And when he came to the other side, to the country of the Gadarenes, two demon-possessed men met him, coming out of the tombs, so fierce that no one could pass that way.  And behold, they cried out, “What have you to do with us, O Son of God? Have you come here to torment us before the time?”  Now a herd of many pigs was feeding at some distance from them.  And the demons begged him, saying, “If you cast us out, send us away into the herd of pigs.”  And he said to them, “Go.” So they came out and went into the pigs, and behold, the whole herd rushed down the steep bank into the sea and drowned in the waters.  The herdsmen fled, and going into the city they told everything, especially what had happened to the demon-possessed men.  And behold, all the city came out to meet Jesus, and when they saw him, they begged him to leave their region. (ESV)
2. Mark’s account is in chapter 5:21-28 and reads as follows:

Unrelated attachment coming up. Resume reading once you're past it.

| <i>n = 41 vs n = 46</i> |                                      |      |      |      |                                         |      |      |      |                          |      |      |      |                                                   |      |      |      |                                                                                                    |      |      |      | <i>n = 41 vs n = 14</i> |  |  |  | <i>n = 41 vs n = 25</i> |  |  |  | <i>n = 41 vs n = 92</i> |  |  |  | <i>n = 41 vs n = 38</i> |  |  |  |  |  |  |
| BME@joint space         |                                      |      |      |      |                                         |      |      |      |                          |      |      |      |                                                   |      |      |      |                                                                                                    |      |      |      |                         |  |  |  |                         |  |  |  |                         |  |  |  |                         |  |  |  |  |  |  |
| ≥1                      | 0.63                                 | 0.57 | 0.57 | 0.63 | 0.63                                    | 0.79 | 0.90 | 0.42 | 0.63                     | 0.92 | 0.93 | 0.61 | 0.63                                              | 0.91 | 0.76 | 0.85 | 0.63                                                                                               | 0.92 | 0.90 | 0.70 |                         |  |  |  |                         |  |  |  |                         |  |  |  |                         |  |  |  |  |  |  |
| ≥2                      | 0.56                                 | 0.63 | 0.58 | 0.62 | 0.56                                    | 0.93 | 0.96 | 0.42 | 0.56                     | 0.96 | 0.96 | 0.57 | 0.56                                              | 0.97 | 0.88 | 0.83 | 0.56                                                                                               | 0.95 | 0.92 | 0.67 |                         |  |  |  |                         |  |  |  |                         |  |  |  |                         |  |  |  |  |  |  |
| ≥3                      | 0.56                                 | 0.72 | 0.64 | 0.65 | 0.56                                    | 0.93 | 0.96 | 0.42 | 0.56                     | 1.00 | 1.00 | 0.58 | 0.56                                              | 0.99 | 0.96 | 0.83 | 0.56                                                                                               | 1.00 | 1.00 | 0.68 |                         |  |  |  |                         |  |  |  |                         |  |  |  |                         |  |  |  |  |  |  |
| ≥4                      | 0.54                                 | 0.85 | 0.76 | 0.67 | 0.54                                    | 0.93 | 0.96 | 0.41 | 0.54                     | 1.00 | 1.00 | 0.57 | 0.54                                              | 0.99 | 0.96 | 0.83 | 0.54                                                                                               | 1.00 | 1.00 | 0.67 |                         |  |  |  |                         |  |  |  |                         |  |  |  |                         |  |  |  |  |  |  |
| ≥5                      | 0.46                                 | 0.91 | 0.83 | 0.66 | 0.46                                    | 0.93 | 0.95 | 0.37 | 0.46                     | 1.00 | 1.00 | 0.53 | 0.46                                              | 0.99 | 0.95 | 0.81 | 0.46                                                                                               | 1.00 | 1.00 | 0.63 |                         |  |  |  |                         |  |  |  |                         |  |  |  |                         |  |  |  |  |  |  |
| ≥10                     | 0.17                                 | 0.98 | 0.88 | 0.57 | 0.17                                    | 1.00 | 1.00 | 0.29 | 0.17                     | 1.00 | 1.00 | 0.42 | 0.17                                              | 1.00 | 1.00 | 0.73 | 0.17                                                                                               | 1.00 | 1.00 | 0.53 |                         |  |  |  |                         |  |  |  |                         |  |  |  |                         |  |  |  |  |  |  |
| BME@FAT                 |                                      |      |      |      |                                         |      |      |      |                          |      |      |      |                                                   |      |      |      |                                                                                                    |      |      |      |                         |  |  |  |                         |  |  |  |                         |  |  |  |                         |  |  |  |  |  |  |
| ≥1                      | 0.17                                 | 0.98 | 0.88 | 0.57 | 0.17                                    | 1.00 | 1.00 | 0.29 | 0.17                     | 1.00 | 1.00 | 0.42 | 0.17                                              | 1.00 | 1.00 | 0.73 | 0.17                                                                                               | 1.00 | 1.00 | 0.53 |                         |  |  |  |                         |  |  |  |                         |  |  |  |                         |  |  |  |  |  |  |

They came to the other side of the sea, to the country of the Gerasenes.  And when Jesus had stepped out of the boat, immediately there met him out of the tombs a man with an unclean spirit.  He lived among the tombs. And no one could bind him anymore, not even with a chain,  for he had often been bound with shackles and chains, but he wrenched the chains apart, and he broke the shackles in pieces. No one had the strength to subdue him.  Night and day among the tombs and on the mountains he was always crying out and cutting himself with stones.  And when he saw Jesus from afar, he ran and fell down before him.  And crying out with a loud voice, he said, “What have you to do with me, Jesus, Son of the Most High God? I adjure you by God, do not torment me.”  For he was saying to him, “Come out of the man, you unclean spirit!”  And Jesus asked him, “What is your name?” He replied, “My name is Legion, for we are many.”  And he begged him earnestly not to send them out of the country.  Now a great herd of pigs was feeding there on the hillside,  and they begged him, saying, “Send us to the pigs; let us enter them.”  So he gave them permission. And the unclean spirits came out and entered the pigs; and the herd, numbering about two thousand, rushed down the steep bank into the sea and drowned in the sea. (ESV)